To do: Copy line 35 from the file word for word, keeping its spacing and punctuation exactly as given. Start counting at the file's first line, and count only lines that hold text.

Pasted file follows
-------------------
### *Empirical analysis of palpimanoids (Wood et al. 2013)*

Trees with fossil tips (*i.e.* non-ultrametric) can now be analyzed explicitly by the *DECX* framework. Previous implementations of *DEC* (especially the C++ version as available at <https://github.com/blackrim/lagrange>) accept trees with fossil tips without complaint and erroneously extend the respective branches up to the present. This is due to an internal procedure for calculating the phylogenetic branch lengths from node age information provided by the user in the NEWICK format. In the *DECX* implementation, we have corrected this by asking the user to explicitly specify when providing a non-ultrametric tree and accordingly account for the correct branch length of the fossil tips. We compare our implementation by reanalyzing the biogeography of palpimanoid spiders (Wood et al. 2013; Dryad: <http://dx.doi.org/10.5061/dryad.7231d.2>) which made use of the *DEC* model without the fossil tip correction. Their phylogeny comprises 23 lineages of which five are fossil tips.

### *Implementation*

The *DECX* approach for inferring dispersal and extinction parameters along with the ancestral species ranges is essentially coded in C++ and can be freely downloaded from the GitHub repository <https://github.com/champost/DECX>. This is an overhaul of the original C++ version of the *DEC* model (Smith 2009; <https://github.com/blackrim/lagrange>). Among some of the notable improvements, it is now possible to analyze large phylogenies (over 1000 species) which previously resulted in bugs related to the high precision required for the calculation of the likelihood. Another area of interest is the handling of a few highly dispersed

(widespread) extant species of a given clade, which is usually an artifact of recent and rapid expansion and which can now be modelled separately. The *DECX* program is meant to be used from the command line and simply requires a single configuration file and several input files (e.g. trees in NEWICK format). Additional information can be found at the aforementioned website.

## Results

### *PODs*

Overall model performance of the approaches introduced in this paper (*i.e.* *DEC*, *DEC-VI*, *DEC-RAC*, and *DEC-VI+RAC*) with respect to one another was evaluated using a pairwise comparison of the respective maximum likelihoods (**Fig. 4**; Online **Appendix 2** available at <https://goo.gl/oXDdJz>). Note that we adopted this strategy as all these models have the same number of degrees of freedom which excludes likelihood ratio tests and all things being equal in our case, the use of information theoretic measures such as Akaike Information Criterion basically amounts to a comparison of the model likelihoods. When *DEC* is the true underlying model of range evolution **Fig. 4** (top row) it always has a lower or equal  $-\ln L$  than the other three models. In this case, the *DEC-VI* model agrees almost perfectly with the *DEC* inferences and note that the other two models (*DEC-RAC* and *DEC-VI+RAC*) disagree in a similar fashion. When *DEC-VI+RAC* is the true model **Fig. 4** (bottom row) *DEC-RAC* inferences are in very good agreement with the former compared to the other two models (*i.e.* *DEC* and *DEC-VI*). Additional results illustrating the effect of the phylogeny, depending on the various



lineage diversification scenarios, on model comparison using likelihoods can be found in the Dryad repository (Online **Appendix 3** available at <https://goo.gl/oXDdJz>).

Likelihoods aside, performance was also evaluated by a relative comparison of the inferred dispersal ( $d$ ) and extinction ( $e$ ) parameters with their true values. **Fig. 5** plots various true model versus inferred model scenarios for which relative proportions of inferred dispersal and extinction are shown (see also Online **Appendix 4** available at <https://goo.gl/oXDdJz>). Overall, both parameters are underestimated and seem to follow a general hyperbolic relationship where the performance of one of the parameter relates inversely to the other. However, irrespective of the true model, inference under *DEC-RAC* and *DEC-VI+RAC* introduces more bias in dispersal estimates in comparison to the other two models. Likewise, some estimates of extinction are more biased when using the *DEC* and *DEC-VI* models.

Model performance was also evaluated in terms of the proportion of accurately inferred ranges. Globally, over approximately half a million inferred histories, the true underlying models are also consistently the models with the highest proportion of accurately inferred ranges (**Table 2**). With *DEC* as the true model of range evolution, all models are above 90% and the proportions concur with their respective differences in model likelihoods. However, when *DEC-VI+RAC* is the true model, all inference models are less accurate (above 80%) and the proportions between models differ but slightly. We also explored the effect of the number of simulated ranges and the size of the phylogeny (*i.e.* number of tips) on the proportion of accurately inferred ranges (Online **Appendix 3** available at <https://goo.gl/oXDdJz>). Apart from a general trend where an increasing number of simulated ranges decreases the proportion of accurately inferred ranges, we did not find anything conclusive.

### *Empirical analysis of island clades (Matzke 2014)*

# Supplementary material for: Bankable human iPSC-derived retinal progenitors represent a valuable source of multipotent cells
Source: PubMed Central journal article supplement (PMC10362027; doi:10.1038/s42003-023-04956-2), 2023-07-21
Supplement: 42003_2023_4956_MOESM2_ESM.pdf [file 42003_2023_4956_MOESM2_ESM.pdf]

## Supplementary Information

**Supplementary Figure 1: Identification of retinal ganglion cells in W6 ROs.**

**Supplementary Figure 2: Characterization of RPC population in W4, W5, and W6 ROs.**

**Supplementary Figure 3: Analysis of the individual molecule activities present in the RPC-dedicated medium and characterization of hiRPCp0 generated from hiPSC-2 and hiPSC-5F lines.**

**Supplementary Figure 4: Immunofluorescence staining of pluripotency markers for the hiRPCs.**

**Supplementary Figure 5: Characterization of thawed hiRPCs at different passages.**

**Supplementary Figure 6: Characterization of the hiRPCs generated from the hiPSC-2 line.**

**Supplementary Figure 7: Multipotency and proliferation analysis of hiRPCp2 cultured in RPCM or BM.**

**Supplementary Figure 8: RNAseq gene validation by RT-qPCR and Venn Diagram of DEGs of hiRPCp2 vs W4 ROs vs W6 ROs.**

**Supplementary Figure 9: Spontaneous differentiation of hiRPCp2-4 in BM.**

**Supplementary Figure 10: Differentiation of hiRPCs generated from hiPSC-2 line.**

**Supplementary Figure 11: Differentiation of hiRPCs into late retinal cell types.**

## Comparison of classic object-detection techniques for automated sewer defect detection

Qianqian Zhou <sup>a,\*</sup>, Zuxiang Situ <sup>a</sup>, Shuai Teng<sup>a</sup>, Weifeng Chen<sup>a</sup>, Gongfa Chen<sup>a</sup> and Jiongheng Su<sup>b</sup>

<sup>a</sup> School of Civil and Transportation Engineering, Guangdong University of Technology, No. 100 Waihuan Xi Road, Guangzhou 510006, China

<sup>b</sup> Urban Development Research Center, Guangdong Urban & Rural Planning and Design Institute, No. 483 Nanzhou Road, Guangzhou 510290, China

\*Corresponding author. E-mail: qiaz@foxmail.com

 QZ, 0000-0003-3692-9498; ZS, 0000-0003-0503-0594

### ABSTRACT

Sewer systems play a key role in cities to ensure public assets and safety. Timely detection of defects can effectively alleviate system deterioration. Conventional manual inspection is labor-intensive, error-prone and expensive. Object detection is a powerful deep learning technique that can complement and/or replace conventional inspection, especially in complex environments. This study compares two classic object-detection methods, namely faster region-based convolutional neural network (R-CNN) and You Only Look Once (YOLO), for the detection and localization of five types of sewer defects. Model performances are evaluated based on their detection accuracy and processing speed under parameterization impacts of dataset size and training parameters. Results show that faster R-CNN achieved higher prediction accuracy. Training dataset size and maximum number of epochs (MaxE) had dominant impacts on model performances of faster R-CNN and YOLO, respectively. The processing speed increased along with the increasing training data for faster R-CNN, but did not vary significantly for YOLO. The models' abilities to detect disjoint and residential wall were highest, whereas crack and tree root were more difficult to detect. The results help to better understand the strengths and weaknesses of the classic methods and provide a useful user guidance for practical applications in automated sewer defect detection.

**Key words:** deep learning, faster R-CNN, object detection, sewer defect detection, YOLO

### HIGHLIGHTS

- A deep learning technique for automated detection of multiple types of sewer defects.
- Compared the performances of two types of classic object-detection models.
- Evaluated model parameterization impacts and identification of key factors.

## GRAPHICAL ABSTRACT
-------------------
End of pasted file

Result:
Sewer systems play a key role in cities to ensure public assets and safety. Timely detection of defects can effectively alleviate system deterioration. Conventional manual inspection is labor-intensive, error-prone and expensive. Object detection is a powerful deep learning technique that can complement and/or replace conventional inspection, especially in complex environments. This study compares two classic object-detection methods, namely faster region-based convolutional neural network (R-CNN) and You Only Look Once (YOLO), for the detection and localization of five types of sewer defects. Model performances are evaluated based on their detection accuracy and processing speed under parameterization impacts of dataset size and training parameters. Results show that faster R-CNN achieved higher prediction accuracy. Training dataset size and maximum number of epochs (MaxE) had dominant impacts on model performances of faster R-CNN and YOLO, respectively. The processing speed increased along with the increasing training data for faster R-CNN, but did not vary significantly for YOLO. The models' abilities to detect disjoint and residential wall were highest, whereas crack and tree root were more difficult to detect. The results help to better understand the strengths and weaknesses of the classic methods and provide a useful user guidance for practical applications in automated sewer defect detection.